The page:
Before we deal with the training pants question, here's link to one of the best articles on assessing a child's readiness for toilet learning.
I wish I'd read this long ago; it would have saved myself and some sweet little kids a lot of heartache and frustration.
Kids have lots of their own reasons not to use the toilet. One very real thing I'm also going to mention is what I've witnessed myself, lots of times: a family, expecting a second child, decides to toilet train the first. While there's one child in the picture, things go swimmingly. When baby #2 comes along, however, the oldest often regresses. This will usually happen if: 1. the child wasn't necessarily ready on their own to use the toilet or 2. The child has decided to regress (become more babylike) and not use the toilet (because the new baby doesn't use the toilet), thus messing their pants.
If it were me, I'd do an assessment and also try to create an open-ended dialogue about what it is that your daughter might be disliking. Some children are resistant because it pulls them away from what they want to be doing, namely, playing. Some children really don't like to sit on the toilet, and the questions about "Do you need to go potty?" trigger an emotional response. For both the parent and child, the feelings can be deep, as evidenced by your response.
When you feel she's ready,put her in clothes/diapers she can feel wet in. I'd shun the pull-ups, unless you are traveling: they don't let children feel themselves getting wet in real time. If you have cloth diapers, those are great for teaching kids what wet feels like. If none of these options work for you, then yes, maybe it is time to offer training pants OR diapers. (Pull-Ups often confuse kids because they look like underwear and feel like a diaper.) Get the superthick ones...you can double them up, or put a plastic diaper cover over them to contain leaks.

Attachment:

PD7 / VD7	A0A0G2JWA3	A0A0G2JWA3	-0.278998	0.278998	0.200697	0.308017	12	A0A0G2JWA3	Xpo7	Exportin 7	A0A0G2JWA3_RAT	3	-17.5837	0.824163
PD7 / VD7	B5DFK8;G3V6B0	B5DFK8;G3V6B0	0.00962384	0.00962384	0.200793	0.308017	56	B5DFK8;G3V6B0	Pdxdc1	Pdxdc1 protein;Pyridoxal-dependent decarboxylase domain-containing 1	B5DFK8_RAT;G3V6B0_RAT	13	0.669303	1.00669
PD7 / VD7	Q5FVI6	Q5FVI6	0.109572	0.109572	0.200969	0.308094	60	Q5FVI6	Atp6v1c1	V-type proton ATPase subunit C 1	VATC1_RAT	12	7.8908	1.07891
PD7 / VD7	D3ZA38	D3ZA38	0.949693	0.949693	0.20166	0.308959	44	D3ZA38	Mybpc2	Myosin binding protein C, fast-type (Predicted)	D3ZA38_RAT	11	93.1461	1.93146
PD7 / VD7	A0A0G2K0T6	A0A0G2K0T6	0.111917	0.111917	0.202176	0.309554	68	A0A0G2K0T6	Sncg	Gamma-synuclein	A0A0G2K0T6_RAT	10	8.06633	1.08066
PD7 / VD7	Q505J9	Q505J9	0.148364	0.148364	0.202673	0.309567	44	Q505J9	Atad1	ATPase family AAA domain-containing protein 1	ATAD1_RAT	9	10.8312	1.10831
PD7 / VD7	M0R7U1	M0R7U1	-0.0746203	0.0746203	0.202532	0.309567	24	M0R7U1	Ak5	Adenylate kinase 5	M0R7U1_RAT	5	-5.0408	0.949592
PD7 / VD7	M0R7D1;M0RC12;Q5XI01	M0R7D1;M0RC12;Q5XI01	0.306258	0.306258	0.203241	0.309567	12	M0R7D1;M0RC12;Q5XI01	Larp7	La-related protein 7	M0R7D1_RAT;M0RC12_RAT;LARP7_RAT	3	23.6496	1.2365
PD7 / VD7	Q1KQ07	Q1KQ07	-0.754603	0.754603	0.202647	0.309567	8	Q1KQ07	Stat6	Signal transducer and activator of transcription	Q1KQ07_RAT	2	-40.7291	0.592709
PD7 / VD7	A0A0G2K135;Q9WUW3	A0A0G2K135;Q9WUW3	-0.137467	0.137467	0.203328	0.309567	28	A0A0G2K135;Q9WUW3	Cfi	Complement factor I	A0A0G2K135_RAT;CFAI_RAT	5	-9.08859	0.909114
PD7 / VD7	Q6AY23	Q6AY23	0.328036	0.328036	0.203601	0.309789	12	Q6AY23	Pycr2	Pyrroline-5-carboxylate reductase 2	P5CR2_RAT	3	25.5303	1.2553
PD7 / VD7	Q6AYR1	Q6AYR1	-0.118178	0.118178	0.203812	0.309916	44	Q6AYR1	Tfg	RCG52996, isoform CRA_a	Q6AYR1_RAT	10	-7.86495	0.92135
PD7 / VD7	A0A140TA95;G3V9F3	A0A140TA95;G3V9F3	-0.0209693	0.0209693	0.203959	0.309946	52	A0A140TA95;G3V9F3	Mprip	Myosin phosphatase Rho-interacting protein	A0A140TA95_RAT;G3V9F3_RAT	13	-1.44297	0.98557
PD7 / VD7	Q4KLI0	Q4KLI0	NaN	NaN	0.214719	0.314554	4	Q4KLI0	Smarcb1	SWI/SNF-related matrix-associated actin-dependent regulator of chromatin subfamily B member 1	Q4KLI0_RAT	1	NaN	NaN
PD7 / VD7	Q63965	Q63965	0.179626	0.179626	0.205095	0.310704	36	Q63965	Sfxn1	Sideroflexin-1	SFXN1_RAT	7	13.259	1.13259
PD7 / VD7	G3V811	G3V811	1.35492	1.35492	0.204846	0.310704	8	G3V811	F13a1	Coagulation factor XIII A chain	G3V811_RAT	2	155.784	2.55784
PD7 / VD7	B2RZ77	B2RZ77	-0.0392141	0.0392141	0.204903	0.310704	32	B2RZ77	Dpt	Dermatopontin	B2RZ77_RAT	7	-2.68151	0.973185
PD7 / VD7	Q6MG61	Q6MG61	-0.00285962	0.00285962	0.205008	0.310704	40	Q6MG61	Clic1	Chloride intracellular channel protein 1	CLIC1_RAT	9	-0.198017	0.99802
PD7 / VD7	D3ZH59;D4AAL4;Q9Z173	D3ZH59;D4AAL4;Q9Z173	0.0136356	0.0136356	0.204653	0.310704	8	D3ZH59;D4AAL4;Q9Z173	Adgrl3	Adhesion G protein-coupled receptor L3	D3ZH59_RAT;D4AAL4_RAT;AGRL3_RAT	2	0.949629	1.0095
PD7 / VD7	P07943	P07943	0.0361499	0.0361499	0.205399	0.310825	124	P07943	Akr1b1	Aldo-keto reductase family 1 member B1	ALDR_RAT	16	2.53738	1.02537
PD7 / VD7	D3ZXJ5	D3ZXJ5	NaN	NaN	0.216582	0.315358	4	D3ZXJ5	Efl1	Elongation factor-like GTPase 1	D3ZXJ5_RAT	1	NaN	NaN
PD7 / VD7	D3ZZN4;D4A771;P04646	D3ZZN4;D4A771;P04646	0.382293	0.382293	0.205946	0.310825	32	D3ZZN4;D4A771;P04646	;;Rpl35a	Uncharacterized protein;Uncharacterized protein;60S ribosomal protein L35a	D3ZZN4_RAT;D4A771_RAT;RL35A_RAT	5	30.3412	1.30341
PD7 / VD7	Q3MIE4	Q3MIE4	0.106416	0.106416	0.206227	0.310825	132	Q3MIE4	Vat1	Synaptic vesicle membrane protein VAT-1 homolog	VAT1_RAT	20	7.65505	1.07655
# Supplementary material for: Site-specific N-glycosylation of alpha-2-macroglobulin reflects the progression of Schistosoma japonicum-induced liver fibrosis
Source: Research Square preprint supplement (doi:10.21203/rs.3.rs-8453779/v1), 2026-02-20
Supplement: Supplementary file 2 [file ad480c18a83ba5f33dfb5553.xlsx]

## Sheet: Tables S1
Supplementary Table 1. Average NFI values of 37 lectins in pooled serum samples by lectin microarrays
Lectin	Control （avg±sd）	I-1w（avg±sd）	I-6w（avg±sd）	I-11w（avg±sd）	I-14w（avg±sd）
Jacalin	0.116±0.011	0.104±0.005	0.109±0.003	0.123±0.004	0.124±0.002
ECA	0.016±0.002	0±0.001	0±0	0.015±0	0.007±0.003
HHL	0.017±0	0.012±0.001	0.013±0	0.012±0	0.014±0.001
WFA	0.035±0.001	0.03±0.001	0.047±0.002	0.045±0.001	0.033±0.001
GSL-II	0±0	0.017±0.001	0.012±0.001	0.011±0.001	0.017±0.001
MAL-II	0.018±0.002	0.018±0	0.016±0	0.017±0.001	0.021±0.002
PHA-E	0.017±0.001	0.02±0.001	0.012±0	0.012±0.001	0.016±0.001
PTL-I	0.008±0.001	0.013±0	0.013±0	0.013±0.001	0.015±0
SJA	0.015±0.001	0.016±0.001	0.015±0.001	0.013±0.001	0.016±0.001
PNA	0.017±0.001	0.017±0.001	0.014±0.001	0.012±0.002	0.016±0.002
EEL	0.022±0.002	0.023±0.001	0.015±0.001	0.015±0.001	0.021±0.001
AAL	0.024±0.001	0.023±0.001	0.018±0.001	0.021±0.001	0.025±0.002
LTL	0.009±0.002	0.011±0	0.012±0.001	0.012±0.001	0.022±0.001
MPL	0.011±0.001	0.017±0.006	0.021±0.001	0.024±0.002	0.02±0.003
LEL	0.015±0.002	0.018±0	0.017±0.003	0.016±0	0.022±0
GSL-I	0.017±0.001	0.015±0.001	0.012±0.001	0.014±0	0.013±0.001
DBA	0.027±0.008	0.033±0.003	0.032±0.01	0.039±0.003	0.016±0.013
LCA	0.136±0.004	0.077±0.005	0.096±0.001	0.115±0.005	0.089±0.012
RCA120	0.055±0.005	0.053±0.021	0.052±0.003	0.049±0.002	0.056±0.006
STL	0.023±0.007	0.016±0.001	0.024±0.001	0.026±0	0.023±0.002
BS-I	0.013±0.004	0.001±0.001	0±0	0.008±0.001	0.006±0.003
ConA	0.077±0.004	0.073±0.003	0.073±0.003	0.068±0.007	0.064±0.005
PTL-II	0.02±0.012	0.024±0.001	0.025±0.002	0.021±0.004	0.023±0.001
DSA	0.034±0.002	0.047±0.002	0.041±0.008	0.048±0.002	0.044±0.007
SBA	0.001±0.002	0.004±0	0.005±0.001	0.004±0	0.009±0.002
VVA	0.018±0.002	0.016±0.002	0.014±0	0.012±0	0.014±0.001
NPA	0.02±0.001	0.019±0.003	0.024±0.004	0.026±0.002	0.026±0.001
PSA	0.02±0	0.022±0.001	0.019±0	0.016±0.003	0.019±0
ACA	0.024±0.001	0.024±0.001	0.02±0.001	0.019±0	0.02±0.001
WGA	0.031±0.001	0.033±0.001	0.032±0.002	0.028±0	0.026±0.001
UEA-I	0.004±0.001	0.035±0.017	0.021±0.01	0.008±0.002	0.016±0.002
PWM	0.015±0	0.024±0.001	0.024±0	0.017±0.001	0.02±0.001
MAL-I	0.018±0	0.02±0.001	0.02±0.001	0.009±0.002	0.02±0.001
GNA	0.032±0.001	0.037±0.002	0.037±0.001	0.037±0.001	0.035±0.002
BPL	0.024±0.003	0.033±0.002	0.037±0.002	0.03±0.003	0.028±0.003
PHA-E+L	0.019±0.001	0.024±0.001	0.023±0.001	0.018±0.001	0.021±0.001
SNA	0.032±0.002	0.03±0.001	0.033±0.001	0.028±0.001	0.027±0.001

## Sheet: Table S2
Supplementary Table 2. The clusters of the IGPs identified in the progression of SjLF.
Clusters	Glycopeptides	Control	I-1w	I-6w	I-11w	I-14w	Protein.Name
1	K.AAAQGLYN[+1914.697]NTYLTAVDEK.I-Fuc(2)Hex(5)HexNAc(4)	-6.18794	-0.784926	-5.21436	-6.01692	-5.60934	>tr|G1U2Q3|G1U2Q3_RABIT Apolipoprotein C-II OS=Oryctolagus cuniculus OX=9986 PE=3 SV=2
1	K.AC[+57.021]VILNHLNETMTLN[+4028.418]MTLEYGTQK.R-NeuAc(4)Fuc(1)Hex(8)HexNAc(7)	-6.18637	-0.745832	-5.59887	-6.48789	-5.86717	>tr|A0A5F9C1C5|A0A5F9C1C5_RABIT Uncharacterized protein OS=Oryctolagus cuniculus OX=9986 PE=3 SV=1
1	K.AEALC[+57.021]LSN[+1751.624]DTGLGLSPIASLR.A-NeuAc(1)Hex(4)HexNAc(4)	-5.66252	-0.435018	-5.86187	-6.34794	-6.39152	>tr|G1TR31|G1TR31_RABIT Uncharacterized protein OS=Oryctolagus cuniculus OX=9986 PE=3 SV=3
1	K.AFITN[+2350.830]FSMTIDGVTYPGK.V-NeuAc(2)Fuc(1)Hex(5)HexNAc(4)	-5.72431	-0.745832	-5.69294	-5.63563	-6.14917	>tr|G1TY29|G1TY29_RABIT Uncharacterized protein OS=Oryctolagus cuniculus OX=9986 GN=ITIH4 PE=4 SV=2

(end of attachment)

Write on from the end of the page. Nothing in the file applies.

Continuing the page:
I also want to say that I've know several kids who began mastering the toilet as 3 and 4 year olds. It was when they began seeing other kids using the toilet that they decided they were ready to try and follow the pack. Their parents relaxed approach to this really helped, and contrary to popular opinion, there are some great preschools out there (mine included) that are perfectly happy to have toilet-learning 3 year olds start with them.
I hope some of this helps. It's a hard place to be in, to have to decide when to encourage/nudge our kids and when to hang back a bit. My best to you... oh, and one more thing--keep a basket of books or toys handy by the potty. Lots of adults like to read on the toilet, so do kids!